This brings up the Mirage 4000, which will rescue you from a dismal Le Bourget moment. As the name implies, it was a much larger twinjet development of the Mirage 2000. While the 2000 was impossibly beautiful, the 4000 was, well, twice as impossibly beautiful. It was demonstrated to the Saudis, who went with F-15s and Tornados. It was demonstrated to the Shah of Iran, but that didnít go well, for obvious reasons. There were no other addressable high end export markets Ė India was still looking at Korean War surplus ads. Since the French Air Force didnít want the 4000, that prototype in the museum was pretty much the end of it.

What does the high end market look like? Not only is it small, itís also hyper-politicized. MMRCA has been around in one form or another for about a decade, and in that time President Obama, President Sarkozy, Prime Minster David Cameron, and every other head of state with a stake in this fight made one or more sales call to India. It involves fiendishly complicated negotiations over technology transfer, industrial workshares, end user certification (for the US, at least) and many other factors. The US lost, in part, because the Indians felt the US wasnít doing enough to deal with Indiaís concerns about these issues. Indiaís concerns are colored by lingering bad feelings over past US arms sanctions against India (the US Government should learn that sanctions work both ways). India also believes that the US is overly attentive to Pakistan, and overly willing to listen to Pakistanís point of view. Given the facts of the Bin Laden raid incident, India may have a point here too.

Deals like MMRCA also imply a strategic relationship, a key area where the US should have enjoyed a very strong advantage. Understandably, winning MMRCA has been a very high priority for the US, given the turmoil in South Asia. After the downselect, the US ambassador, Timothy Roemer, resigned. Ostensibly for ďpersonal and professional reasons,Ē his resignation was reminiscent of Bill Paxtonís line in Aliens, ďMaybe youíre not up on current events, but we just got our asses kicked, pal.Ē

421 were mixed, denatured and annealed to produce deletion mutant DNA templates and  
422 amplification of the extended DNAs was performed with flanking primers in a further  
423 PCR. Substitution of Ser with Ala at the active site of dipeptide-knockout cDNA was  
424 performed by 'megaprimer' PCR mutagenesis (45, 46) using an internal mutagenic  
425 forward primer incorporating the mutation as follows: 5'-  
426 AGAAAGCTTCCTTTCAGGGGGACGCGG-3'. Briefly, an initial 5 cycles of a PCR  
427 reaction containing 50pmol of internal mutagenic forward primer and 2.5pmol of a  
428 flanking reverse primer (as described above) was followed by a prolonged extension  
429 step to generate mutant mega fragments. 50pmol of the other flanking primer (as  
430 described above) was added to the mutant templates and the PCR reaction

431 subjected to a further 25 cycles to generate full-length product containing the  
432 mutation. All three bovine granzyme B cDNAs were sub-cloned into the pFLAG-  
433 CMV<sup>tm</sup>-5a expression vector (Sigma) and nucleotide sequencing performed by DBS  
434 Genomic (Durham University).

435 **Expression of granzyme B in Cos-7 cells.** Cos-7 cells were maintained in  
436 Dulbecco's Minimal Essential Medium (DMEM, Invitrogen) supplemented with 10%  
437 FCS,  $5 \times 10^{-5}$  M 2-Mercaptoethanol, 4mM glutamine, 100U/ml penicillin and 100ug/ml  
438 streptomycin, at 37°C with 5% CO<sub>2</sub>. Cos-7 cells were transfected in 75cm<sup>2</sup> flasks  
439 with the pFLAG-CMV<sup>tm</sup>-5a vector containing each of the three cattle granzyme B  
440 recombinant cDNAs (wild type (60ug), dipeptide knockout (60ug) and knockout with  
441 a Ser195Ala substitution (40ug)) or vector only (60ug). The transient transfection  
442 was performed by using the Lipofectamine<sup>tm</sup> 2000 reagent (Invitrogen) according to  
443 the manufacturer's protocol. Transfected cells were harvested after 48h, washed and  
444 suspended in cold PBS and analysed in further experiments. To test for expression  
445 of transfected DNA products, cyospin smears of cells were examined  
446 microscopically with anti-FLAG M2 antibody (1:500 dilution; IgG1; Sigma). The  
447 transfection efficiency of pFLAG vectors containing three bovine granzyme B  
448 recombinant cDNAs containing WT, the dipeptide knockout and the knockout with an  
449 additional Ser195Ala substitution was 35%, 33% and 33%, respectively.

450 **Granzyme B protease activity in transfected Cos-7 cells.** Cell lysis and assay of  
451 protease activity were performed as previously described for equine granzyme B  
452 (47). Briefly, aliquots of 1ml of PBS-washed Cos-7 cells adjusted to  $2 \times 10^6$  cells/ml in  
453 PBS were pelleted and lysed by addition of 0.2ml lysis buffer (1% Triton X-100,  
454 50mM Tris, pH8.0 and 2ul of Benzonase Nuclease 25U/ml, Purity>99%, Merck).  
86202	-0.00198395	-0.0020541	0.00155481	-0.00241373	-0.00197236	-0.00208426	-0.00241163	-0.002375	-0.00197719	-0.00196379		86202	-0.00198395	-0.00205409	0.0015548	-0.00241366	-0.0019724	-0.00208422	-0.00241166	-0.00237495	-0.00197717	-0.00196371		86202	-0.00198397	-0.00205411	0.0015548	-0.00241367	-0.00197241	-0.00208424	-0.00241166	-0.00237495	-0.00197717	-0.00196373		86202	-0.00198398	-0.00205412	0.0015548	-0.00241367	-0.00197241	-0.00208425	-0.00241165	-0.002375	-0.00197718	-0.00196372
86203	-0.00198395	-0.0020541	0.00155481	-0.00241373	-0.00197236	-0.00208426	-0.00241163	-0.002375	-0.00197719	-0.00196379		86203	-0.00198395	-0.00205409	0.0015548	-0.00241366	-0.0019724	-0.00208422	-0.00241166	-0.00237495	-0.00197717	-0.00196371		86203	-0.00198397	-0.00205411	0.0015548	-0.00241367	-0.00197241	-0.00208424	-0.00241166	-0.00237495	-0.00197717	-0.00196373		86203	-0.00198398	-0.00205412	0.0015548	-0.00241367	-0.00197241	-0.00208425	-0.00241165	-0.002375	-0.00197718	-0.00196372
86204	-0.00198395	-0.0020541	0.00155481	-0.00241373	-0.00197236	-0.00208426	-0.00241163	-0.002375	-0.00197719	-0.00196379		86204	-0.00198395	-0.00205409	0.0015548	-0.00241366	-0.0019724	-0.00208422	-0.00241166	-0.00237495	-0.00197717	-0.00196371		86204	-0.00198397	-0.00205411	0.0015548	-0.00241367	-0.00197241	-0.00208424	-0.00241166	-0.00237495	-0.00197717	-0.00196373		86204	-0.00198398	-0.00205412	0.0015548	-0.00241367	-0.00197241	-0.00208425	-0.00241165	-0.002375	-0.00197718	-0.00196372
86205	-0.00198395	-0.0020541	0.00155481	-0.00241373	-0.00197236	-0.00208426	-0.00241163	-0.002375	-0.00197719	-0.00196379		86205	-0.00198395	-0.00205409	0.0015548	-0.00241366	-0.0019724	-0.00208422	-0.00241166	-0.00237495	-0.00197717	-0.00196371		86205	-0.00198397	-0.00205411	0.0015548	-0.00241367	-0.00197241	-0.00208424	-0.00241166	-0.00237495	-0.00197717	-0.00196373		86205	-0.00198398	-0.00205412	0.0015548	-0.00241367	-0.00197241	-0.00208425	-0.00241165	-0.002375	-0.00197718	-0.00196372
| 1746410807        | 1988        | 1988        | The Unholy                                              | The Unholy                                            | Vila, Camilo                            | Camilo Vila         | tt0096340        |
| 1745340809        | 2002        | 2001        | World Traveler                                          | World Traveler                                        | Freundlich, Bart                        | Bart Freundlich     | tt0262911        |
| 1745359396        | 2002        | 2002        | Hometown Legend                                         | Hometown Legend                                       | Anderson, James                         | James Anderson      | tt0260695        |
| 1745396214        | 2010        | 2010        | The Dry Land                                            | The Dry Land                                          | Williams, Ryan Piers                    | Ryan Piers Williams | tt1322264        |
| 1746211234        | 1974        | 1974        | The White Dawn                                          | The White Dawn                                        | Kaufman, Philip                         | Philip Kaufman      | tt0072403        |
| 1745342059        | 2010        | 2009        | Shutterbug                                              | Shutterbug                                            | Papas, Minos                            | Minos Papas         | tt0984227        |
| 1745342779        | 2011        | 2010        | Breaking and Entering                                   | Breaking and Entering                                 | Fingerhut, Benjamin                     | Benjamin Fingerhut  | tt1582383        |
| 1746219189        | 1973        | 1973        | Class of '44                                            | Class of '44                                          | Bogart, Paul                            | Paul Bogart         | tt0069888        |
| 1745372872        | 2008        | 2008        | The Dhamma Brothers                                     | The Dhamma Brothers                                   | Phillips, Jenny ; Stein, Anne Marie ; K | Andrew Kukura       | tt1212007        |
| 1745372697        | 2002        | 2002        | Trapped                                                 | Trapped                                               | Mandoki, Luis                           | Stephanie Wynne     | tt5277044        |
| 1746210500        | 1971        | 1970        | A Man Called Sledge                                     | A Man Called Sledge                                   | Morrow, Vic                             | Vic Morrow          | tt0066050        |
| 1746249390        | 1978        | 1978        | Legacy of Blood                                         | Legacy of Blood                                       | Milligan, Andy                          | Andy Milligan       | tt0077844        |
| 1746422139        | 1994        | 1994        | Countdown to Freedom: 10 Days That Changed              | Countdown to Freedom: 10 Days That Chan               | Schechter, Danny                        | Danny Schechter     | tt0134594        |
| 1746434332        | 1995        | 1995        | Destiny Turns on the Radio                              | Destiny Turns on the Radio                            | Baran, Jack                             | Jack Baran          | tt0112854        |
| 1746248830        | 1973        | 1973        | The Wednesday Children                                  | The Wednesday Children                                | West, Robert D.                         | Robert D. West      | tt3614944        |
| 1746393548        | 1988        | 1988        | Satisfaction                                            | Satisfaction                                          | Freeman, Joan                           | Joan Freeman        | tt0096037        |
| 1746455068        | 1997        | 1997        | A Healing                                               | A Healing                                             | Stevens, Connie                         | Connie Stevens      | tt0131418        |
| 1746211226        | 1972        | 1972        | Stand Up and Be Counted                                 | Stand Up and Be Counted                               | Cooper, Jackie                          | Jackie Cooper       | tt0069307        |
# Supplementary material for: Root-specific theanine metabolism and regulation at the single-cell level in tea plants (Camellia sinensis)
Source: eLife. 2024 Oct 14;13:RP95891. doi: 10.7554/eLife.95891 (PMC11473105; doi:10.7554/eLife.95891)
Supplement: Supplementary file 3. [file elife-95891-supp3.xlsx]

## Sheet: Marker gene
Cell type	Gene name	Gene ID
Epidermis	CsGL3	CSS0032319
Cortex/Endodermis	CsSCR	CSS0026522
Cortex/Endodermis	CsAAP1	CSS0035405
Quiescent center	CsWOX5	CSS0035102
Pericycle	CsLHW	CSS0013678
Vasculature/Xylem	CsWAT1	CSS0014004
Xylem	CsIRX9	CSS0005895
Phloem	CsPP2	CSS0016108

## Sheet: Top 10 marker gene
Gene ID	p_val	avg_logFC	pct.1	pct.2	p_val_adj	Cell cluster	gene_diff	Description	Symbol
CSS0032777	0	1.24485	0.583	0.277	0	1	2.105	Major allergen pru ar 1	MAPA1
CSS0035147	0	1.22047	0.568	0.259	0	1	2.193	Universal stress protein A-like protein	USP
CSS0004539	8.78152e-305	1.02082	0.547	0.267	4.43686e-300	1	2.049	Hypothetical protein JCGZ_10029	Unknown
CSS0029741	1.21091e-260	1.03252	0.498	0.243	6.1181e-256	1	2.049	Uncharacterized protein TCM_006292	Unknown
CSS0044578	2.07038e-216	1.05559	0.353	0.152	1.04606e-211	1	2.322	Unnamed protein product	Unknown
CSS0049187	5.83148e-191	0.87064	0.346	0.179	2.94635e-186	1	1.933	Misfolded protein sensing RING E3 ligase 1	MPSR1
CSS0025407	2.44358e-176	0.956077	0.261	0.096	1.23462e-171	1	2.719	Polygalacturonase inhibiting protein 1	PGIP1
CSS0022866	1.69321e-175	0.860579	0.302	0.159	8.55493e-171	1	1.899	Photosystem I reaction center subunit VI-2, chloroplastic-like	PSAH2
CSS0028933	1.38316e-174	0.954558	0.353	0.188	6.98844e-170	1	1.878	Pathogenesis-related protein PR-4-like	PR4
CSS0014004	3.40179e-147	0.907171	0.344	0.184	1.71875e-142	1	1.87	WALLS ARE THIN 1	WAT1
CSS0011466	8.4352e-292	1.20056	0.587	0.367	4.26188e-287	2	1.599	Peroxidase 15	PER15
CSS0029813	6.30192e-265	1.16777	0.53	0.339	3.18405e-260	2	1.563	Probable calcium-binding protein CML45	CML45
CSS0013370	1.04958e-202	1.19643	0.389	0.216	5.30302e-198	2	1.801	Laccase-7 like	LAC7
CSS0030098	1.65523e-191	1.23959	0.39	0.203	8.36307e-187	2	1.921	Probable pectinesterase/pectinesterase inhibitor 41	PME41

Presidential sales calls. Ambassadorial resignations. High level strategic and economic relationships. Thatís what the high end fighter market looks like. The Mirage 4000 at Le Bourget symbolized Franceís failure to compete in that white-hot arena. Rafaleís launch a decade later meant that France gambled that it could one day compete in the high end. If Rafale doesnít win MMRCA, it means theyíve lost that gamble.

A few other MMRCA thoughts. First, itís now a close race, but Iíd give Eurofighter an edge. It offers a bigger user group and more capability. Indiaís defense and defense industry connections with the UK are stronger than with France. Yet both the UK and France will give away the store in terms of technology transfer, and either plane is a massive improvement over most of the IAFís current inventory. Some believe that MMRCA will be truncated as soon as the F-35 is available. Sure, the IAF would love F-35s. But once a production line gets started in India, itís tough to stop. These are the guys who kept building Jaguars until 2007 because nobody told them that museums and wealthy collectors were the only other customers. Jobs matter. Besides, the Indian military likes numbers too. The irrational persistence of a large MiG-21 fleet, and the LCA program, provide proof of that.

Just one month to go before the semi-annual air show/RER driversí strike. Meantime, May WMCAB reports include the annual Regional Aircraft overview, AV-8B/Harrier, 737/P-8, ATR, Hawk, T-45, T-6, CH-53, MD Explorer, P-3, E-2, and Atlantique. See you on Chalet Row.

Yours, ĎTil The Libya Provisional Liberation Council Signs For Rafales,
Richard Aboulafia